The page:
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Libertarian ignores Central Park history to protect ideology

Posted in Uncategorized by Mike Byrd on October 12, 2010

Libertarian arguments against government–namely that we would be better with the most minimal form of governance if we would allow the “free” market to rule–suffer their own legitimacy crisis lately in the wake of news that a Tennessee squad of firefighters stood around and allowed a home to burn to the ground because the owners forgot to pay their subscription fee to the firefighters. Morality of the free market proved to be bankrupt in this situation, but this is not the first time the conservative ideology found itself wanting.

One of the other fatal problems with Libertarianism as a world view is the way it becomes a stack pole propping half-baked histories that are warped, filled with holes and disintegrating. Millton Friedman exhibited the tendencies of libertarians to fabricate history to suit the ideology with an interviewer who brought up the trepidation of New Yorkers toward the prospect of privatizing Central Park:

If Central Park were not owned by the government, it never would have become the filthy place it became. You forget what happened to Central Park. We–for years, for some years, a long, long time ago–lived on Central Park West. We were in New York. This was during the war …. We were able to take our children down to the park when they were babies … even with a teenage sitter, and nobody was worried about safety. But in more recent years, until the very recent years, Central Park came to be a place where you wouldn’t dare to that. It wasn’t safe. That was because it was a government park.

The central principle is that nobody takes care of somebody else’s property as well as he takes care of his own. If Central Park were privately owned, it would be advantageous to provide a recreational space.

The nearly-150-year history of New York City’s Central Park does not seem like the spiral to ruin that Friedman made it to be to serve his sermons against government. Instead, it seems to be a history of growing progress and democratization over the decades.

And Friedman was disingenuous in referring to how safe the park was in the mid-40s when his children were babies without mentioning the historical context of dramatic enhancements due to federal government money that flowed in the preceding decade from Franklin Roosevelt’s New Deal. Here is the actual history around the time Friedman lived near the park:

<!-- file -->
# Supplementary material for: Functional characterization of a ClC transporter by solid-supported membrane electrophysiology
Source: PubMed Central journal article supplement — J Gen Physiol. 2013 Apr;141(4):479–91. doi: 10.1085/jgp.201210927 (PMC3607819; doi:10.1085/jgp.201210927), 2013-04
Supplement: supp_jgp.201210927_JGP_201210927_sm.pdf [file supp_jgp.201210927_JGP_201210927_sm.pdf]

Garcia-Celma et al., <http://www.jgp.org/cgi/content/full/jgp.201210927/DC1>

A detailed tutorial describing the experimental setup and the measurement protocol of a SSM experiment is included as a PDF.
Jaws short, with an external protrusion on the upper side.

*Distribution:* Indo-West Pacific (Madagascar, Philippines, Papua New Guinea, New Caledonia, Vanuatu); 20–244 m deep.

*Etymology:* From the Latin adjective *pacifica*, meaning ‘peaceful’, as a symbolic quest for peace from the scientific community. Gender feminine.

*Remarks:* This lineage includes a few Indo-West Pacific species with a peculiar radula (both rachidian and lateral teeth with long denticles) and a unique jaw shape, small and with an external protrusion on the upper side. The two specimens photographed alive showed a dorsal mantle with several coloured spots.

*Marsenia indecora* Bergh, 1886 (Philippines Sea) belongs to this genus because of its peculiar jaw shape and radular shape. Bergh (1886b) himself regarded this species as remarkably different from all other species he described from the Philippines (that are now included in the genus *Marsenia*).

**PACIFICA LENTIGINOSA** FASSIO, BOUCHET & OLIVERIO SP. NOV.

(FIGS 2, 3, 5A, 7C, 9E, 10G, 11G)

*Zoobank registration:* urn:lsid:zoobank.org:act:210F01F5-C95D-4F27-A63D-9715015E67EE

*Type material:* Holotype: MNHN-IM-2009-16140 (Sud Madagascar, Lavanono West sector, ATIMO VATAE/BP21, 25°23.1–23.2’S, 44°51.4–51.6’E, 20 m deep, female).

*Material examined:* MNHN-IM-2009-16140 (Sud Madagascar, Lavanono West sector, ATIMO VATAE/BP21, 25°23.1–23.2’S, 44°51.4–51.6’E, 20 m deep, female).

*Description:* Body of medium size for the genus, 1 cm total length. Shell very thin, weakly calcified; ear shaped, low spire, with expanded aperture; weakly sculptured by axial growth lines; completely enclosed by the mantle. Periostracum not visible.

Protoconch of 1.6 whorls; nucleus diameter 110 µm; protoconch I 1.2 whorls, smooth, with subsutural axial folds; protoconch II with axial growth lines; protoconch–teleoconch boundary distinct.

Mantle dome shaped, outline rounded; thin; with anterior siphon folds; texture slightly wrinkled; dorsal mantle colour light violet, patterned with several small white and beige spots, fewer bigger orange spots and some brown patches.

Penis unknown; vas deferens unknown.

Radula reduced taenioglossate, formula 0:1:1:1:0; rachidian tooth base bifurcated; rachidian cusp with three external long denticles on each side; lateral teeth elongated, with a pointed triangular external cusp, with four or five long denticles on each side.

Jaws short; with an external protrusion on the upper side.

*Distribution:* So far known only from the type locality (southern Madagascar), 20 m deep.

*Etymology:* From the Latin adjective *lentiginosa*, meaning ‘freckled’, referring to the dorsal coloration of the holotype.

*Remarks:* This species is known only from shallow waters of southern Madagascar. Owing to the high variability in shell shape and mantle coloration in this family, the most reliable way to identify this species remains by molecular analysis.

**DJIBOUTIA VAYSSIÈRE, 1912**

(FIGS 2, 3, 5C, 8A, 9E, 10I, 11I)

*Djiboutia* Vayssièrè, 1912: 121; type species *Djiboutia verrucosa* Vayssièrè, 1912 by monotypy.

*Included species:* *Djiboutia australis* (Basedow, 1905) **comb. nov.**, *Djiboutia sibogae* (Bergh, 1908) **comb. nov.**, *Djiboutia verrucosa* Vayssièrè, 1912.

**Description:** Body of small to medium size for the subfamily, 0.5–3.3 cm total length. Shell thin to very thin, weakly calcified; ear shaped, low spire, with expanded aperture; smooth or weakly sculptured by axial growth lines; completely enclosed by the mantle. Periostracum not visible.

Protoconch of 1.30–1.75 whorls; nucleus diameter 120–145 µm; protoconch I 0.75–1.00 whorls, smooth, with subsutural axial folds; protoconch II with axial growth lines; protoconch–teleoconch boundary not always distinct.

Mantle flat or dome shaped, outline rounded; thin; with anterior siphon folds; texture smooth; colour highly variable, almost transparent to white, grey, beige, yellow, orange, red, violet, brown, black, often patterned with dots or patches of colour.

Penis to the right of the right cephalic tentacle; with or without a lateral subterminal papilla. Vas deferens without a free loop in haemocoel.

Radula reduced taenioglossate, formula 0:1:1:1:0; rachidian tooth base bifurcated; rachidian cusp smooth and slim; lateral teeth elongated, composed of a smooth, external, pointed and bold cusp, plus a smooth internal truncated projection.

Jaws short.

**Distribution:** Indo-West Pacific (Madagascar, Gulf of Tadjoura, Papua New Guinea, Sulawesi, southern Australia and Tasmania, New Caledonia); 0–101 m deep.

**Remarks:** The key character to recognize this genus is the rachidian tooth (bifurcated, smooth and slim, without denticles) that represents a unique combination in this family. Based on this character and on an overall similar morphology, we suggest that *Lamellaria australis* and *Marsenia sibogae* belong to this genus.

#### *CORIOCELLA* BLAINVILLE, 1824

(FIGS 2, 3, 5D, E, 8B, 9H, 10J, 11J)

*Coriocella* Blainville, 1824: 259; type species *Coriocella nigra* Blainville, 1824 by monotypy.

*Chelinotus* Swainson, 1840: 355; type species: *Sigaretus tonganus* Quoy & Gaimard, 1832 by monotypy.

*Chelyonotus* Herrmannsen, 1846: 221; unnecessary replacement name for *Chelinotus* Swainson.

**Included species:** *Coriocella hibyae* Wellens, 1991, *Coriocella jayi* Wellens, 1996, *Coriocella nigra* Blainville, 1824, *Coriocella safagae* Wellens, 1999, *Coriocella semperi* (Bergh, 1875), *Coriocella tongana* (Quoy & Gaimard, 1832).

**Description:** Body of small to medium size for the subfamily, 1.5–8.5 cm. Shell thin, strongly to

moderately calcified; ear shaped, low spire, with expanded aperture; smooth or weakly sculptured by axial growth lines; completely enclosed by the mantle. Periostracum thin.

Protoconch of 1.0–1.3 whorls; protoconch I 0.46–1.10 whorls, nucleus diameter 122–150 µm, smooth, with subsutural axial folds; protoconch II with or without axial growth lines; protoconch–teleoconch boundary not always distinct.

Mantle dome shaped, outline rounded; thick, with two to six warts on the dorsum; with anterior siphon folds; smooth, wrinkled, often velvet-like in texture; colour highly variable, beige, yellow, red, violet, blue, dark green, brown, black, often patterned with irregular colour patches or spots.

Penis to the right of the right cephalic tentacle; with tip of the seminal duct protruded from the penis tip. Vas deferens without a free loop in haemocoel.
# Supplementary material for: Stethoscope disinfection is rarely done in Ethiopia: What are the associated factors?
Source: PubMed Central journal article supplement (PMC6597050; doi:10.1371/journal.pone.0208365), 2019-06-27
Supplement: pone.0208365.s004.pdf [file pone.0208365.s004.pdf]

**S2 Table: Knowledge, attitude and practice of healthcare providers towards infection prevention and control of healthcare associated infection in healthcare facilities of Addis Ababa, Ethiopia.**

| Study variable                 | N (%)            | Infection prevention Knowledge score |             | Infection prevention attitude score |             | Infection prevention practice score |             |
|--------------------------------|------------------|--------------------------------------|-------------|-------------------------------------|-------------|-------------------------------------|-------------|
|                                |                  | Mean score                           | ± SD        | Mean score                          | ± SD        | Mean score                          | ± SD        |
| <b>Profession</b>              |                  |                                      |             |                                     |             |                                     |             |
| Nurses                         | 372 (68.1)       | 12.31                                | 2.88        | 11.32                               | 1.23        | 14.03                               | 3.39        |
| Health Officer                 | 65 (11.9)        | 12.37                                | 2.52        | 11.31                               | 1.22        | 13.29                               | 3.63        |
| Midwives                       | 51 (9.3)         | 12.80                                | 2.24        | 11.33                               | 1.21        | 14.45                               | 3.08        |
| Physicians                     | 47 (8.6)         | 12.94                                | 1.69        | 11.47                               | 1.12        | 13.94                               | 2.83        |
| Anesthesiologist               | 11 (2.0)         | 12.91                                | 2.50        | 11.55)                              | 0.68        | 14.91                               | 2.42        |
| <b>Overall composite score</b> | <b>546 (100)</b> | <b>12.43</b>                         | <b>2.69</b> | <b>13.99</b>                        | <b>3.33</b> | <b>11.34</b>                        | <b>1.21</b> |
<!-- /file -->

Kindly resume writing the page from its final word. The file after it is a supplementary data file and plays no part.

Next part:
In 1934, Mayor Fiorello LaGuardia placed Robert Moses in charge of a new centralized citywide park system. During his twenty-six year regime, Moses introduced many of the facilities advocated by the progressive reformers. With the assistance of federal money during the Depression, Moses built 20 playgrounds on the park’s periphery, renovated the Zoo, realigned the drives to accommodate automobiles, added athletic fields to the North Meadow, and expanded recreational programming.

So, why does Friedman blame the extension of government oversight of the park for eroding safety in later decades? The 50’s and 60’s were characterized less by government control and more by private-public partnerships. Why not blame the accommodation of automobiles, which gave criminal elements quick access and egress?

The 1970’s, which were years of spiking crime rates in Central Park, were also haunted by a receding government in budget crisis and long-term decline in maintenance. These are the very years Friedman seems to be reacting to. However, there are no guarantees that private enterprise would have managed the park or prevented crime any more effectively. They would be just as likely to cut spending on maintenance and security to survive. The reality is that there was a correlation between lower government revenues and urban decay.

Milton Friedman’s diatribes against government prove to be irrelevant at the local level, especially when the history of municipalities does not mesh with his ideology. Unfettered big business would be no more effective and in some ways it would be more hazardous to the progress and democratization that civic processes create.

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